The Right to Women-Only Chess Tournaments?
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Marginal Revolution blogger Tyler Cowen interviews Oxford professor of feminist philosophy Amia Srinivasan, who is promoting her book with the hubba-hubba title The Right to Sex. An interesting exchange:

COWEN: Should women’s chess, as a segregated activity, continue to exist? We don’t segregate chess tournaments by race or by anything — sometimes by age — but anything other than gender. Yet women’s chess is a whole separate thing. Should that be offensive to us? Or is that great?

SRINIVASAN: I don’t really have a view on that.

COWEN: But you’re opposed to segregation more generally, right? Isn’t it odd not to have a view on that?

SRINIVASAN: No, I don’t think it’s odd to not have a view on something about which there has been a great deal of ink spilled. There are philosophers and theorists of games and sports in general, who spend a lot of time thinking about how we should organize competitions, gaming competitions in particular. I don’t know what it means to be opposed to segregation as such.

I’m opposed to racial segregation. That is true. I’m not opposed to other forms of “segregation,” like age segregation. I think, for example, that it’s okay that nightclubs shouldn’t allow kids under 18 if you’re in this country, or under 21. I think there are interesting questions here. I don’t play chess, and I don’t follow competitive chess, so I don’t really have a view.

I haven’t played chess since the 1990s when I kept getting checkmated by my Palm Pilot device in 7 or 8 moves. But even I know that Judit Polgar made it to 8th in world in the 2000s, but, on the other hand, no woman is close to that level now. The popular Queen’s Gambit TV show is about a fictitious pretty young woman with a Bobby Fischer–like career in the 1960s. It was nominated for some of last weekend’s Emmys, so the general topic of women in chess is in the news.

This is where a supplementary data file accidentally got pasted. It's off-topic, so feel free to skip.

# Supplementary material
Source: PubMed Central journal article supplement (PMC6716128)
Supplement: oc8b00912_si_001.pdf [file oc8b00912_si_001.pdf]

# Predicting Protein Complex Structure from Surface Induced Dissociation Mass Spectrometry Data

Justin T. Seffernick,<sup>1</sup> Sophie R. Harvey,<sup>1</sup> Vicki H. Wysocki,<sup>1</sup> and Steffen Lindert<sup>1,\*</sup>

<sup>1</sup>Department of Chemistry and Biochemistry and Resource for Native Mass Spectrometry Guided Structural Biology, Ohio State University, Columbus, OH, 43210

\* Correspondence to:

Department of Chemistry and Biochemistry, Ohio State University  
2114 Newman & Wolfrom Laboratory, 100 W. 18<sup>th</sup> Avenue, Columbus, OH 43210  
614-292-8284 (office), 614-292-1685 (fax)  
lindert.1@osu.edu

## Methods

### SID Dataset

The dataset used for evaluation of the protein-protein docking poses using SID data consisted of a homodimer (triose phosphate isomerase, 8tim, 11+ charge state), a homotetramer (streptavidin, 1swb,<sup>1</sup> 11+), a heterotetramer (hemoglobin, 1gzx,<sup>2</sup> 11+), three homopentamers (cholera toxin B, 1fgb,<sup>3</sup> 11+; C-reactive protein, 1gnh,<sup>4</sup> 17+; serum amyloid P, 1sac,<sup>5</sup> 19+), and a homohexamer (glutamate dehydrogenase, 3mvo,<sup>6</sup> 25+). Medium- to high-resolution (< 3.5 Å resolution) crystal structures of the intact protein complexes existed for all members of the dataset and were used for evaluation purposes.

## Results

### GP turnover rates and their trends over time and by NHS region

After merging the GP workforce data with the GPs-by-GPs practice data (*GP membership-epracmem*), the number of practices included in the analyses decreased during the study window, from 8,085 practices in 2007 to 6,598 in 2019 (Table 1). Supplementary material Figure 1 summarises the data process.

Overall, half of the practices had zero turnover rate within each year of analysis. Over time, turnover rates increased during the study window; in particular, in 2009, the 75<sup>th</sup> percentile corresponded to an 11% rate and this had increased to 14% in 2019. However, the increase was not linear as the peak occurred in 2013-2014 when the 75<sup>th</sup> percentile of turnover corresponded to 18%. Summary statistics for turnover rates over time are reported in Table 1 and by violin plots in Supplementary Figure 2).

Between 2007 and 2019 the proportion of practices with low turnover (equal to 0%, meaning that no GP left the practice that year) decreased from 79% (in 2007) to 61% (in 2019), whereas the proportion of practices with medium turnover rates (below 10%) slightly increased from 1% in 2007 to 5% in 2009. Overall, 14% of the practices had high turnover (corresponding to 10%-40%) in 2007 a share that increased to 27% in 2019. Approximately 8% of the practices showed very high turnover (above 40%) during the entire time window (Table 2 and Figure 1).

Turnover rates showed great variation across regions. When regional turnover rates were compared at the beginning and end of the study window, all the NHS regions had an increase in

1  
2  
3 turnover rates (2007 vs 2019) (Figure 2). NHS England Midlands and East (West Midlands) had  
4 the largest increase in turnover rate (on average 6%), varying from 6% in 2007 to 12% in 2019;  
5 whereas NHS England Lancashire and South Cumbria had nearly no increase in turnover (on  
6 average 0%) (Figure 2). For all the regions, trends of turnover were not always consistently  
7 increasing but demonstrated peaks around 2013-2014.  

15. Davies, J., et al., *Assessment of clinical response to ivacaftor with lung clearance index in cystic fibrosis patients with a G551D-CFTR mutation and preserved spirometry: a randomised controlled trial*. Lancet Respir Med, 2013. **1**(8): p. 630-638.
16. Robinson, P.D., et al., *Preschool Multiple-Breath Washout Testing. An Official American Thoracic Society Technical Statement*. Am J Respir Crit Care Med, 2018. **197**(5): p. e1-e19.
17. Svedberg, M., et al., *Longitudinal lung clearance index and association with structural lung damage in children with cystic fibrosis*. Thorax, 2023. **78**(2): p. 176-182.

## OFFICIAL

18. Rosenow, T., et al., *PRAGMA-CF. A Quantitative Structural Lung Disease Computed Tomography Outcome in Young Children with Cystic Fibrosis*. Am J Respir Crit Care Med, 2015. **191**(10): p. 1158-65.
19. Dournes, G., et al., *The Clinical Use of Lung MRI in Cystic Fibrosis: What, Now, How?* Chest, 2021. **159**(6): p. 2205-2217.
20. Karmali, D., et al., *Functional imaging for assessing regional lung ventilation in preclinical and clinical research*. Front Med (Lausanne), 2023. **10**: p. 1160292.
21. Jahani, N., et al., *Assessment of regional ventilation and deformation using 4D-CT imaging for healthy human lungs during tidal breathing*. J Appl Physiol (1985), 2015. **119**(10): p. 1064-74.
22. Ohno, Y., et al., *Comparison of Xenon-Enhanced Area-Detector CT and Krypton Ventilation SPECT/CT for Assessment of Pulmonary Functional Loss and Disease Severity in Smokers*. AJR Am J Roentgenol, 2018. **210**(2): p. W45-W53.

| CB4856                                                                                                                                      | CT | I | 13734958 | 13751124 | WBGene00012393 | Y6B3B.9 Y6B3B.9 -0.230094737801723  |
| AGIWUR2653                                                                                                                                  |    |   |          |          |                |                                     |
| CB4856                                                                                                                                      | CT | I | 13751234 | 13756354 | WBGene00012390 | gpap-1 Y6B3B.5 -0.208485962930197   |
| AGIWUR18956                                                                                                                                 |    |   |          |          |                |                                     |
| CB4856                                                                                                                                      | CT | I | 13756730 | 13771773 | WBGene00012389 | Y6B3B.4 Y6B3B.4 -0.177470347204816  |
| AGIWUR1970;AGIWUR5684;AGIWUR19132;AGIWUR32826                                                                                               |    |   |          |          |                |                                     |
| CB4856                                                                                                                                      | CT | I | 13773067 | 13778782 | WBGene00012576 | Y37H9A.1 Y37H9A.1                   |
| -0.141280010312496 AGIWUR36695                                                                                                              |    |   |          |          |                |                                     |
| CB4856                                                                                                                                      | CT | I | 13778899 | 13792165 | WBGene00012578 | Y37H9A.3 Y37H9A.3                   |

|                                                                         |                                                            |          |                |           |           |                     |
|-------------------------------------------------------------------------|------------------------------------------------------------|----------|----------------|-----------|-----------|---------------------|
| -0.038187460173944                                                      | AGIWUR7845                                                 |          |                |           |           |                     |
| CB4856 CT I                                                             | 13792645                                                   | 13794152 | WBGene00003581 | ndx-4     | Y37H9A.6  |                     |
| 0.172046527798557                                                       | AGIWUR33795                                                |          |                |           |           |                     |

My general view on women-only chess tournaments: people organize competitions to have fun, so presumably women-only chess tournaments add to the fun that the participants get out of life more than not having women-only tournaments and the best women just losing to the best men over and over again.

I support the right to fun, even when it undermines feminist ideology.

This raises an interesting question regarding my perpetual topic of why some forecasts are more interesting than other forecasts. People like wondering about the future and trying to be right in guessing winners. But people get bored when the winners are too obvious. For instance, in the mid-20th century there was a popular exhibition football game just before the regular season held annually in Chicago’s Soldier Field. It matched the previous year’s NFL champion professional football team vs. the previous year’s College All-Americans.

This was an era when many All-Americans didn’t go on to play pro football, so it was the last chance to see some stars before they went off to law school or whatever. Initially, the pro team usually won, but the the college all stars broke through enough to keep it interesting. Over time, though, as the NFL turned into the Biggest Thing in America, the annual game became a wipe-out. Finally, in the mid-70s, the mighty Pittsburgh Steelers were thrashing the rookies when a torrential lighting downpour broke out in the 3rd quarter. That game was never resumed, and for that matter, the series was never resumed because the result had gotten too predictable and thus boring.

In some sports, handicaps are used to keep competitions hard to predict. Amateur golfers have elaborately calculated handicaps to give the lousier golfer a fighting chance to win the bet.

Horseracing has handicap races in which the faster horses are assigned more weight to carry, with the intention of, ideally, having all the horses arrive at the finish line in a dead heat. In other races, there can be traditional fixed advantages such as mares carrying 2 pounds less.